My husband sometimes is amused when I talk in journalism lingo. He especially laughs at how we spell things, such as “lede” for the lead paragraph for a story.
I know, I know! Journalists are such spelling sticklers, so it’s awfully silly how we spell things in our own newsrooms.
But each newsroom is different, so I still thought it would be fun to share some of the terms we use at my newspaper:
- Lede: The introductory paragraph of an article.
- Graf: Short for “paragraph.”
- Nutgraf: This paragraph gets to the heart of the matter in your story, often summarizing the big picture for the reader. (My guess is this might be related to the term, “in a nutshell,” as if the writer is telling the whole story in a nutshell in this particular graf. Just my guess!)
- Hed: Headline.
- Cut: Short for “cutline,” which most people would call a caption.
- Wild art: This is stand-alone art, almost inevitably accompanied by an extended cutline that includes the weather forecast. Almost always the wild art is actually “weather art” — images that convey the weather, such as kids splashing in the pool on a hot day or cars plowing through standing water on a rainy day. At my college newspaper, we called this “feature art.”
- Budget: A quick summary of a story in the works. Also refers to the master list of stories in the works. I have to file a budget so my editors know about my story and can make the wise decision to put it in the front page lineup.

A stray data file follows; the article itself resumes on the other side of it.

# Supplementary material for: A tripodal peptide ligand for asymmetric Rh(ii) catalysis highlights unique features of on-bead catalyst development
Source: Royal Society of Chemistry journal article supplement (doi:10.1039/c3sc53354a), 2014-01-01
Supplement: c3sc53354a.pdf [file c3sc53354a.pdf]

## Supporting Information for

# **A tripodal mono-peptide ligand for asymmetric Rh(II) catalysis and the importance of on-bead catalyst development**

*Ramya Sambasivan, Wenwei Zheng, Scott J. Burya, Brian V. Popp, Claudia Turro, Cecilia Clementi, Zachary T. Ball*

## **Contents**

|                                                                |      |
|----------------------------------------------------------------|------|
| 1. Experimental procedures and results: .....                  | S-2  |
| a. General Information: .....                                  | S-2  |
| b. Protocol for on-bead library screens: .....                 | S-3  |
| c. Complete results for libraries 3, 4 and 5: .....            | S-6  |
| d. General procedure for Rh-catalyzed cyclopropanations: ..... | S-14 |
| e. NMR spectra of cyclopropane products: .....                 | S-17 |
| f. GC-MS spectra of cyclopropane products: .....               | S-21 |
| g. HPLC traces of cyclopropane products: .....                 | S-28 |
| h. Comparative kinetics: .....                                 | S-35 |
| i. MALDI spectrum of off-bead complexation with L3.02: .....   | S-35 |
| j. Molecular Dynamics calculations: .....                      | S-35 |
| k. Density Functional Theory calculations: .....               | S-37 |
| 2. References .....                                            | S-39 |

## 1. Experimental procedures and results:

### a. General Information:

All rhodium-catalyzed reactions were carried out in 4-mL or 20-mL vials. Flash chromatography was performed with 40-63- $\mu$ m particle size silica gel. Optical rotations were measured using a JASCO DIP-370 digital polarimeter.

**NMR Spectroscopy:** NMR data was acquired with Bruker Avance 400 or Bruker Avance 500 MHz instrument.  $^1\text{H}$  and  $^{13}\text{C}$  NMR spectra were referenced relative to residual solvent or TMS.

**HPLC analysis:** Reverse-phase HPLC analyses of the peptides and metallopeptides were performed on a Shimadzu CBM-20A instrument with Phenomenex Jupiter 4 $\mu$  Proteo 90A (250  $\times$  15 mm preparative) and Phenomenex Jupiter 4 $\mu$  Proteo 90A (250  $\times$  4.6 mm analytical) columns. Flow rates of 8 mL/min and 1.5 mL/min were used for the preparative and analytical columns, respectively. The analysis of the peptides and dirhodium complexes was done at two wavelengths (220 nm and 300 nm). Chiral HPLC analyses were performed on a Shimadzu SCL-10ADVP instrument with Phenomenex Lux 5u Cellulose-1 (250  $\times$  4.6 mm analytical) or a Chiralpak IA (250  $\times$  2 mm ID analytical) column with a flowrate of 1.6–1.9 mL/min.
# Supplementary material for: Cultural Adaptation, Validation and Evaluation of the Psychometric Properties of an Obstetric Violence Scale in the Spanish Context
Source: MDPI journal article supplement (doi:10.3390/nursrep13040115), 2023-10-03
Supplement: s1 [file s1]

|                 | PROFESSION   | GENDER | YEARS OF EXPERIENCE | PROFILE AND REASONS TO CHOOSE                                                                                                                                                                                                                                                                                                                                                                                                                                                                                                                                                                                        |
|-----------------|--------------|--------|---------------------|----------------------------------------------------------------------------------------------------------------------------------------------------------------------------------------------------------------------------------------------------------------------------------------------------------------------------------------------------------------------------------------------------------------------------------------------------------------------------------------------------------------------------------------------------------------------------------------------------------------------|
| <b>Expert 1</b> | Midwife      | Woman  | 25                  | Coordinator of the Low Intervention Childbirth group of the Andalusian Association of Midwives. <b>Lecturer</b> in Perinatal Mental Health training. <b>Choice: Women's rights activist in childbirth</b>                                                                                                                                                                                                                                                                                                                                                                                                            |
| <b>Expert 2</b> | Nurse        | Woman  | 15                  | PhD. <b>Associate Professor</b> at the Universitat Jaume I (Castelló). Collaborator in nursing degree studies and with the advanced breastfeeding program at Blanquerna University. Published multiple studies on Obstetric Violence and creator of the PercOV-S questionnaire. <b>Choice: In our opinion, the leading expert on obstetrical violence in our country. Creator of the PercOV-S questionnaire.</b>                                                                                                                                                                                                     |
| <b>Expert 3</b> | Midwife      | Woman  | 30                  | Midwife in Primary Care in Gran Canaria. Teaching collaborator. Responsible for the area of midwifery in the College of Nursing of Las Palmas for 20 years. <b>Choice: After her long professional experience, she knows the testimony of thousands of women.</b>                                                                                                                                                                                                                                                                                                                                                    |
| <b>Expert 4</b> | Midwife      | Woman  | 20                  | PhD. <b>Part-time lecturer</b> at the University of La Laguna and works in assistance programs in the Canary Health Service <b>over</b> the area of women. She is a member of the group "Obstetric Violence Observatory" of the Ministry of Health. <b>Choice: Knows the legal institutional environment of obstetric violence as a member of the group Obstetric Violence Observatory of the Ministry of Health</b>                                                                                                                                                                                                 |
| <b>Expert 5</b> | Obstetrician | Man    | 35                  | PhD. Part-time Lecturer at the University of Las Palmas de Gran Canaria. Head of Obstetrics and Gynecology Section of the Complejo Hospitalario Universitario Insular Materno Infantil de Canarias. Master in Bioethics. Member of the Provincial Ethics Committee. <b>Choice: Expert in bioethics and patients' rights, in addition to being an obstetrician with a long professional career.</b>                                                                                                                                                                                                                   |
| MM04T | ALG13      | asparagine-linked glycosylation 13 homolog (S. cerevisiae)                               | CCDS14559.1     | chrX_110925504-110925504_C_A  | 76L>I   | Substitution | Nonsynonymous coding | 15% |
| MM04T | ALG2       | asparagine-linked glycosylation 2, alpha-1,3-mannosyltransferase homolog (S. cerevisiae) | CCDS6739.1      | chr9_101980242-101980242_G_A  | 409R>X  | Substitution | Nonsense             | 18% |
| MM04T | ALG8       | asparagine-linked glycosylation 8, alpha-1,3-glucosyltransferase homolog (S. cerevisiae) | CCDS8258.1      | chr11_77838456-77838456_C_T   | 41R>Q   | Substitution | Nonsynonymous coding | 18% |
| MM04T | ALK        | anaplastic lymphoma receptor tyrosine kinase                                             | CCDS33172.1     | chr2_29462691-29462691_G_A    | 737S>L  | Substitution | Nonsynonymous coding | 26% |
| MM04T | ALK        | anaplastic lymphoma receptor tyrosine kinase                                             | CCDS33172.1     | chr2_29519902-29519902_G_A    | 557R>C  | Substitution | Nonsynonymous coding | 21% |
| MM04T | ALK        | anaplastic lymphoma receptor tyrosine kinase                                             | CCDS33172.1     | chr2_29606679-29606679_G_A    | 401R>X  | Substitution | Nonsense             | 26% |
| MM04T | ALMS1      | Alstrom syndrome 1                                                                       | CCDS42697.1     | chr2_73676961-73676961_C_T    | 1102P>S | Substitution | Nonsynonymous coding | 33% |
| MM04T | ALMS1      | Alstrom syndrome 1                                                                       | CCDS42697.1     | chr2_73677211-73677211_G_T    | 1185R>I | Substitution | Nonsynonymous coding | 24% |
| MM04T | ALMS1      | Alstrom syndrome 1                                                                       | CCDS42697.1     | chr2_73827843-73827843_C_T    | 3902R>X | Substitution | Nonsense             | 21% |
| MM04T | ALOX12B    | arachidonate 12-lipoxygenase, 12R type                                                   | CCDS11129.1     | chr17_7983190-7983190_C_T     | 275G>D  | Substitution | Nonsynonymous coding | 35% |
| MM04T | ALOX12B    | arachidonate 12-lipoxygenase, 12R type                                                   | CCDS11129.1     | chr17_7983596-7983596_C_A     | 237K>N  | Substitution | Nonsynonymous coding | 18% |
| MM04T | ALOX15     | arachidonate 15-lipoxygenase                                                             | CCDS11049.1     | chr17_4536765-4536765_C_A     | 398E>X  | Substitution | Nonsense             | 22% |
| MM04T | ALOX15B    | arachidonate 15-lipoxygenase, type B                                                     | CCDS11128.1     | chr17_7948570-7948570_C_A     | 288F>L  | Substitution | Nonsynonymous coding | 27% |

- Slug: The filename you give to your story.
- Folo: A follow-up story. The slug on a follow-up story after a fire might be “FIREFOLO.”
- Refer: Pronounced “reefer,” this is the little box on a story that suggests you flip to page A12 for more pictures of the fire. Or the refer might tell you to go online for a video about the fire.
- CQ: Reporters put this in their stories (in note form, so they don’t actually print) to show that they checked each spelling, dollar amount, phone number or other tricky fact. This also is a verb, as in an editor asking a reporter, “Did you CQ all the names in your story?”
OK, journalist friends, I’d love to have you share some of your own favorite journalism terms, especially for my non-journalist readers.
And for my non-journalist friends, have you heard weird news terms that don’t make sense? Share them as a comment and perhaps I can answer.